Fact Sheet: Child Protection

Publication Date: 
Resource Origin: 
Springtide Resources
Pamela Cross, LLB

Child protection does not arise in every family law case involving woman abuse. However, it often comes up.  Sometimes, there are concerns about children being exposed to the abuse their mothers are experiencing.  Sometimes, mothers are concerned that their partners are not appropriate parents and look for assistance from child protection authorities to keep their children safe after they separate.

Each province and territory has its own law to deal with the protection of children. In Ontario, that law is the Child and Family Services Act (CFSA).

The CFSA  provides the legal framework for all child protection services.  Its purpose is to promote the best interests and well being of children and to protect them from abuse and neglect.

What does the Children's Aid Society do?

Children's Aid Societies (CAS) are responsible for carrying out the mandate of the CFSA  in communities across the province.

That mandate includes the following responsibilities:

  • investigating allegations or evidence that a child may be in need of protection
  • protecting such children
  • providing guidance, counselling and other services to families
  • providing care for children committed to its care
  • supervising children assigned to its supervision

Who is a child in need of protection?

If the CAS believes that a child needs to come under its care, this is called a child in need of protection. A child may be found to be in need of protection:

  • if the child has suffered physical, sexual or emotional harm because of acts, failures or neglect on part of the person who has responsibility for the child 
  • if there is the risk of any such harm

What does woman abuse have to do with child protection?

Children who are exposed to their mothers being abused can experience negative impacts, especially when that exposure is over a long period of time and or the abuse is severe.  Since the 1990s, child protection legislation has required professionals to report situations of woman abuse where they believe children have been exposed.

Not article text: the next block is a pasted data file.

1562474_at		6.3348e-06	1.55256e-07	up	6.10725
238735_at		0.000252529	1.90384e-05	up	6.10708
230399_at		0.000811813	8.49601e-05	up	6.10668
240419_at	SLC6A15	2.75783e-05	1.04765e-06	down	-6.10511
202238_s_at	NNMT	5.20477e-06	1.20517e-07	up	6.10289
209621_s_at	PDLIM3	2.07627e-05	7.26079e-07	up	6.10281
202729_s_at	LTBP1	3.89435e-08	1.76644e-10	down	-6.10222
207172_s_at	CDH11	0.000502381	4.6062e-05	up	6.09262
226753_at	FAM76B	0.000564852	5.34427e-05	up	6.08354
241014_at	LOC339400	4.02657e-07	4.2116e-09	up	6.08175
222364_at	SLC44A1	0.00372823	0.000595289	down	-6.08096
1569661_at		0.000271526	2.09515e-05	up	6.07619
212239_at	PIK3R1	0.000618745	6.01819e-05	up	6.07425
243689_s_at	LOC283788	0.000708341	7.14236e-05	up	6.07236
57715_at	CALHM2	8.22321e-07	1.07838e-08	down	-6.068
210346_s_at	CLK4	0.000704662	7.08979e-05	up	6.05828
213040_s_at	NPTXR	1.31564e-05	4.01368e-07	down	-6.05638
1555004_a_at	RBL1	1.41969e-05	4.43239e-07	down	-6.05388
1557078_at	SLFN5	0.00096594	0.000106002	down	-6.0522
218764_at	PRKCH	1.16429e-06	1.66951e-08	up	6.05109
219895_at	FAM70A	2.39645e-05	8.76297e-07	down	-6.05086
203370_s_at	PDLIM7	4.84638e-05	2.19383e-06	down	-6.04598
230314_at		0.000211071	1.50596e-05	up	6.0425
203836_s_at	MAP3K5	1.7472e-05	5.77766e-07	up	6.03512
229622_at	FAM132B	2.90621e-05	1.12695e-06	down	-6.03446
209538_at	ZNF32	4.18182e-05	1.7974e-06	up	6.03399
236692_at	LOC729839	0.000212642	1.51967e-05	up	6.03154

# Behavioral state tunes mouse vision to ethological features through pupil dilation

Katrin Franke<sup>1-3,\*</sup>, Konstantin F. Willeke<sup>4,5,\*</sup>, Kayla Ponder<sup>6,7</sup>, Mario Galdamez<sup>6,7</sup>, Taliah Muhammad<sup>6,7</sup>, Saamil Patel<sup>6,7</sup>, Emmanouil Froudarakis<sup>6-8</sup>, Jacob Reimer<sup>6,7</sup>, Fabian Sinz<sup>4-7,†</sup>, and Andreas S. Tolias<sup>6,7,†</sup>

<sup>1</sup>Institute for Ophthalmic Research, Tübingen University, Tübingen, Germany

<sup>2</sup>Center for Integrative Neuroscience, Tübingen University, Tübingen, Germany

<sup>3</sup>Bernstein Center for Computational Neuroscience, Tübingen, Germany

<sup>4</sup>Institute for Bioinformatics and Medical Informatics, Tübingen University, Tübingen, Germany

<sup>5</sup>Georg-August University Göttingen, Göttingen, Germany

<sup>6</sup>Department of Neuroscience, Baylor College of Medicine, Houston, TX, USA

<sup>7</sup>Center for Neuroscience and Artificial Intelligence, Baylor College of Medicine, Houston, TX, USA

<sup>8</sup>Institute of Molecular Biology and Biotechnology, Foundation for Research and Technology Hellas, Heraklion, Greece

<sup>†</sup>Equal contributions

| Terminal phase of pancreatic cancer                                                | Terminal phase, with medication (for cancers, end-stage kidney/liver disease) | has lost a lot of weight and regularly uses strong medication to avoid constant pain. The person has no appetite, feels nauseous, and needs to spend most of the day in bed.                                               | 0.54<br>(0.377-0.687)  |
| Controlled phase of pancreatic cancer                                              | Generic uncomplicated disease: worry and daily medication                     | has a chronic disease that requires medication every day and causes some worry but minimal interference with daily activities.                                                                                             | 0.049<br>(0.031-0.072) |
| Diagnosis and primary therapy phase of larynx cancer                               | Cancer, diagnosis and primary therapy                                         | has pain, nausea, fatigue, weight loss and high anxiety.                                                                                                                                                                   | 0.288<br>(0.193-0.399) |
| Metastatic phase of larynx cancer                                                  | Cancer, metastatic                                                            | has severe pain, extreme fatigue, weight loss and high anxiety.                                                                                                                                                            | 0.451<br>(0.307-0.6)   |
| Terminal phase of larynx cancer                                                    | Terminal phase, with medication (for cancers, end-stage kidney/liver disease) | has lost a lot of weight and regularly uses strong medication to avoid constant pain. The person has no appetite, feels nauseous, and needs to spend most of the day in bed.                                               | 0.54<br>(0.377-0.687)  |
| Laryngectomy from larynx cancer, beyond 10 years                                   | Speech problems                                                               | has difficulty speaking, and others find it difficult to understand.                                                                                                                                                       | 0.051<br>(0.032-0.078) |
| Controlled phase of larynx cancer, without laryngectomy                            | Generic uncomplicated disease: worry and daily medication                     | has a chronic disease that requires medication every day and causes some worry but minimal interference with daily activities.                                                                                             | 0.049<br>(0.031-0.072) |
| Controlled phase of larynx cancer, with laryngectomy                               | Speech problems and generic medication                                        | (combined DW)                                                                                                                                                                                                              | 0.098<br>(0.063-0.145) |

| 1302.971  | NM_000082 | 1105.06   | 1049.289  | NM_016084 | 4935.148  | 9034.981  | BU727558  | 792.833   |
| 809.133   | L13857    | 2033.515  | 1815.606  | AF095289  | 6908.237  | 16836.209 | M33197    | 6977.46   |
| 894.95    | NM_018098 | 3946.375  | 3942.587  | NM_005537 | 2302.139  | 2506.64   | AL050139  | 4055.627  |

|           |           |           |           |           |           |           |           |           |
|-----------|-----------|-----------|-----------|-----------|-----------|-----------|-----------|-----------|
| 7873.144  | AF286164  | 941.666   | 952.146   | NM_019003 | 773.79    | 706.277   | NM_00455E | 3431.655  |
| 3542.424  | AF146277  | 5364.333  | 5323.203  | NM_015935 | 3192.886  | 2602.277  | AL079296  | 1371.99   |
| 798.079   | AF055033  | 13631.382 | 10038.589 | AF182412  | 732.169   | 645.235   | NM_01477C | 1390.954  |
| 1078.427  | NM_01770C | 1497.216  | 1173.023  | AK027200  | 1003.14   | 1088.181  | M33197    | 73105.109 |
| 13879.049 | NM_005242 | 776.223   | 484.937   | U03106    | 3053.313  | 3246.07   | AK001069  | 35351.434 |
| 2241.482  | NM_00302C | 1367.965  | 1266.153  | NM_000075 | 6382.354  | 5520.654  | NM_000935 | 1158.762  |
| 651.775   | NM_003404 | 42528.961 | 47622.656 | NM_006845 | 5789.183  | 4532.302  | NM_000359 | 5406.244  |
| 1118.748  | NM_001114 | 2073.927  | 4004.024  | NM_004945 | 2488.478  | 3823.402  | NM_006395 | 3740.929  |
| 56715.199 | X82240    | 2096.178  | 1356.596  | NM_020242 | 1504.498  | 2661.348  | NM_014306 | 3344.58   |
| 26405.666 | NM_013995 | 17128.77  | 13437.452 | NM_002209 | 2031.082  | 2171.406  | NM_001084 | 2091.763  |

Unfortunately, this has not always worked in the interest of abused women and their children.

Initially, there was much over-reporting, sometimes because people were unclear about what the legislation required, but often because of poor understanding about the issue of violence against women.

Once involved, child protection authorities have often focused on holding the abused woman accountable for "failing to protect" her children while largely ignoring the perpetrator.

Interventions have often disempowered women and reinforced the belief that women are responsible for the violence. Common approaches have included:

  • telling the woman that her children will be removed if she does not leave the abuser
  • requiring her to get a restraining order
  • requiring her to attend violence against women services, which are intended to be voluntary

As a result, some women became reluctant to use any services at all because they were afraid the CAS would be called and they would have their children taken away.

More recent research has shown that not all children are as adversely affected by exposure as had been previously thought.  It also shows that children are most seriously affected when they are exposed to woman abuse and experience physical abuse themselves.